I didn’t know of others who had eaten this plant and it wasn’t until I read Samuel Thayer’s glowing account of this plant (11 pages) in his gem of a book “Incredible Wild Edibles” (2017) that I was encouraged to give it a go! I also missed Mountain Gardener Joe Hollis’ video on this plant (https://www.youtube.com/watch?v=aBJncaj1ZPM; also from 2017).
It is believed to have similar medicinal properties to closely related Echinacea (also known as coneflower).
I finally got round to trying it for the first time last week and, wow, I hadn’t expected it to taste that good, slightly sweet and aromatic similar to other Asteraceae like Korean Aster scaber. We served it with probably the No. 1 North Appalachian spring edible, Ostrich Fern (Matteuccia struthiopteris).
The RHS Plant Finder in the UK lists 12 different ornamental cultivars available from UK nurseries!
In Norway, this species has escaped from gardens and is established in som places, but is not considered to have an ecological risk (low risk on the national invasives list). It is very hardy. My double-flowered clone doesn’t seem to produce seed.
Grand Opening of The Edible Garden Permaculture LAND Centre
(Thanks to Berit Børte, Kjell Hødnebø, Lone Dybdal, Elin Mar, Bell Batta Torheim, Inger Line Skurdal Ødegård and Margaret M. Anderson for the pictures )
Sunday 5th May was a cold showery day here in Malvik and the 3rd day of KVANN’s (Norwegian Seed Savers) annual meeting weekend in Trondheim and Malvik. This was also the day of the official opening of my garden as a Permaculture LAND centre, which was celebrated by a primula ribbon cutting ceremony and the LAND multi-species salad (how many ingredients? See below!). Meg had decorated the gate for the occasion, now a permanent feature:
25 participants from all over Norway met in the garden at 10:30. Due to the weather, we moved inside where I gave an introduction to how the garden had developed into a permaculture Forest Garden despite the fact that I knew nothing of permaculture principles! The rain eased off, so we moved outside for a walk and talk around the garden with focus on the plants. The album below shows some of the plants we talked about:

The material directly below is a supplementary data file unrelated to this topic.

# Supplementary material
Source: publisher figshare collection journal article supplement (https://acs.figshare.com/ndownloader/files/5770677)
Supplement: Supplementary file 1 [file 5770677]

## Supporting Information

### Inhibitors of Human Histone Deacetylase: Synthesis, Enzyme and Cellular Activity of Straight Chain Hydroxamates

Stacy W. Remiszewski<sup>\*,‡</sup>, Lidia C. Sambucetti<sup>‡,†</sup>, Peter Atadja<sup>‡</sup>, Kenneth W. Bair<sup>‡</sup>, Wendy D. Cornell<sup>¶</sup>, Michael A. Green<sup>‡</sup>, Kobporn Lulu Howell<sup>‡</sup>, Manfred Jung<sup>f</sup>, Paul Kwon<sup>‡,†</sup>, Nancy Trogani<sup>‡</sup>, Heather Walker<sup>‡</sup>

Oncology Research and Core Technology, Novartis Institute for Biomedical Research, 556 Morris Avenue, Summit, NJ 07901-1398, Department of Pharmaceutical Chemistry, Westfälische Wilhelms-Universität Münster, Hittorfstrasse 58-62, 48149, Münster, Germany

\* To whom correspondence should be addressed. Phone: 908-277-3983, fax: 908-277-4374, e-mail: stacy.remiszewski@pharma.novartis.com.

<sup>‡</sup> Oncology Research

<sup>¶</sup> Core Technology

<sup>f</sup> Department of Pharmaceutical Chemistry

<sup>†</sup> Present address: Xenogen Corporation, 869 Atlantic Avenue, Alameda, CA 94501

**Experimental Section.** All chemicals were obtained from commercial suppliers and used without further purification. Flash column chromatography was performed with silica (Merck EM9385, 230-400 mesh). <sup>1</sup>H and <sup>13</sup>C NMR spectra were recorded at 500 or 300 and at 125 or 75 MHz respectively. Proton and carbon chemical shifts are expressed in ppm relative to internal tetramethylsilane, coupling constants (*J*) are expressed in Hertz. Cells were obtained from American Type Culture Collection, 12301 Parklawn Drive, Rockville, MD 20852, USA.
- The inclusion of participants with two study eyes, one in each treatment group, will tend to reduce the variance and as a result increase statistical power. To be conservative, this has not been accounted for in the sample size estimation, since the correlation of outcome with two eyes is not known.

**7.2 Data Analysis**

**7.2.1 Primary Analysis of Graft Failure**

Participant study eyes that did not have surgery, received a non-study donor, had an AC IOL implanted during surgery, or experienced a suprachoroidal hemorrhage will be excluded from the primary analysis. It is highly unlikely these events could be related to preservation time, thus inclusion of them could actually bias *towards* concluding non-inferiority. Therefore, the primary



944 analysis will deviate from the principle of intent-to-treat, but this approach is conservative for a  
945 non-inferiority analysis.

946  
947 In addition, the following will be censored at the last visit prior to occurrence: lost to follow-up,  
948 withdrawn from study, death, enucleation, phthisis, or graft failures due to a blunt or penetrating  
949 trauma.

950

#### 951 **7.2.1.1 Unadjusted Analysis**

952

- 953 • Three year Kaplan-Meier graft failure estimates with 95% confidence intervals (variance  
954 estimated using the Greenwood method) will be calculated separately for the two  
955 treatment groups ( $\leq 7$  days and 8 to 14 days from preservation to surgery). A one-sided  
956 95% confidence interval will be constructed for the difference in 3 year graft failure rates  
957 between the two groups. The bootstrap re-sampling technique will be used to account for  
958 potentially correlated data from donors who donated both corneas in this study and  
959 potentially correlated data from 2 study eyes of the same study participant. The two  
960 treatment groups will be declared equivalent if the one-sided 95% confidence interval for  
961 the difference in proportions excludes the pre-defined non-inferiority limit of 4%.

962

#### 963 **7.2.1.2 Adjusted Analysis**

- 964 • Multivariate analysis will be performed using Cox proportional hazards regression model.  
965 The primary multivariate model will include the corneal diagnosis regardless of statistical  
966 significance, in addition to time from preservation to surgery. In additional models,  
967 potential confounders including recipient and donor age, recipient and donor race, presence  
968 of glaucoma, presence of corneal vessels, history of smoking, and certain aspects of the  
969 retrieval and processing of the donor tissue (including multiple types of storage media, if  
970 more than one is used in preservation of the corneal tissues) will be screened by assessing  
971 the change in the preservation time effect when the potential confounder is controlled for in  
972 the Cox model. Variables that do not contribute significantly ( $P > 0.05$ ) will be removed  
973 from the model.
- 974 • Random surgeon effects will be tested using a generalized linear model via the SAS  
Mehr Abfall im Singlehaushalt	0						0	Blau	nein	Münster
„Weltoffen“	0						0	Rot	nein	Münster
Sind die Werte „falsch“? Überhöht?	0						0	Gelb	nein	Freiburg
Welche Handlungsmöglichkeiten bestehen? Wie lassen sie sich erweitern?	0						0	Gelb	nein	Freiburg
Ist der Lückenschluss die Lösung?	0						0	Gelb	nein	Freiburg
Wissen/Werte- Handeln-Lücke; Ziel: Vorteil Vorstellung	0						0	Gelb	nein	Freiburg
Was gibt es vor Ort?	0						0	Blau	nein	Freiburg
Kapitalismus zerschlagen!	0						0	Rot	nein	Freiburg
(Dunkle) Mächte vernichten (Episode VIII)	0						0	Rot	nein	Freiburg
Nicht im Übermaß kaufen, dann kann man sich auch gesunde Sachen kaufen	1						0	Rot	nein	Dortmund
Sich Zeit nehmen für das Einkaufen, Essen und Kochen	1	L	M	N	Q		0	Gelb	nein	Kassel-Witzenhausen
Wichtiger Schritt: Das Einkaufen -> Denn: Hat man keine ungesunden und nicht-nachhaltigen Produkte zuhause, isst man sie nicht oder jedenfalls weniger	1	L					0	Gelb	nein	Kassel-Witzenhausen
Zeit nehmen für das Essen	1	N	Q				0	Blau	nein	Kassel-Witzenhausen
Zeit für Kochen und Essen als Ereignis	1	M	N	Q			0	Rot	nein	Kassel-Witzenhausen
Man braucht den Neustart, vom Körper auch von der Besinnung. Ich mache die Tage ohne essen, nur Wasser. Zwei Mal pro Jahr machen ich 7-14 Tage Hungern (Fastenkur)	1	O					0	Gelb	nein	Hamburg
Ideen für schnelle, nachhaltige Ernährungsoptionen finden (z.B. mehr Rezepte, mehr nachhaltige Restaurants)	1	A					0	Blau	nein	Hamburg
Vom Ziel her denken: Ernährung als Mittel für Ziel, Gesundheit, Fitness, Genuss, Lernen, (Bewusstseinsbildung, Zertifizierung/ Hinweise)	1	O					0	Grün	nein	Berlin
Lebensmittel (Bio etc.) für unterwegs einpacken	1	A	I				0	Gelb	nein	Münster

I had got up at 6 am to pick the ingredients for the multi-species salad we made for lunch (all 146 ingredients) to celebrate the garden’s LAND status!
LAND: Learning And Network Demonstration network – a network of permaculture sites. Sites are set up to show permaculture in practice to visitors and volunteers in a safe, accessible and inspiring way. There are a number of requirements to receive LAND certification, one of which was that I had to have a PDC (Permaculture Design Certificate) which I took in 2017, sharing the teaching with Jan Bang (yes, I taught myself the plants part of the course!)
I thought I’d lost this unusual onion, Allium atrosanguineum, but one flower head appeared again this week and there are two other plants, one of which is being moved to the Ringve (Trondheim) Botanical Garden Allium garden!
At long last, an album of pictures of edible plants spotted in the Dunedin Botanic Garden during my late summer visit on 26th March 2015, as part of a lecture tour of New Zealand. See the photo captions for more information!
An album of pictures from my visit to RHS Wisley Gardens on 11th March 2019 just outside of London, one of my favourite gardens for edimental spotting which I’ve visited many times over the years. I’ve added comments of edibility to most pictures!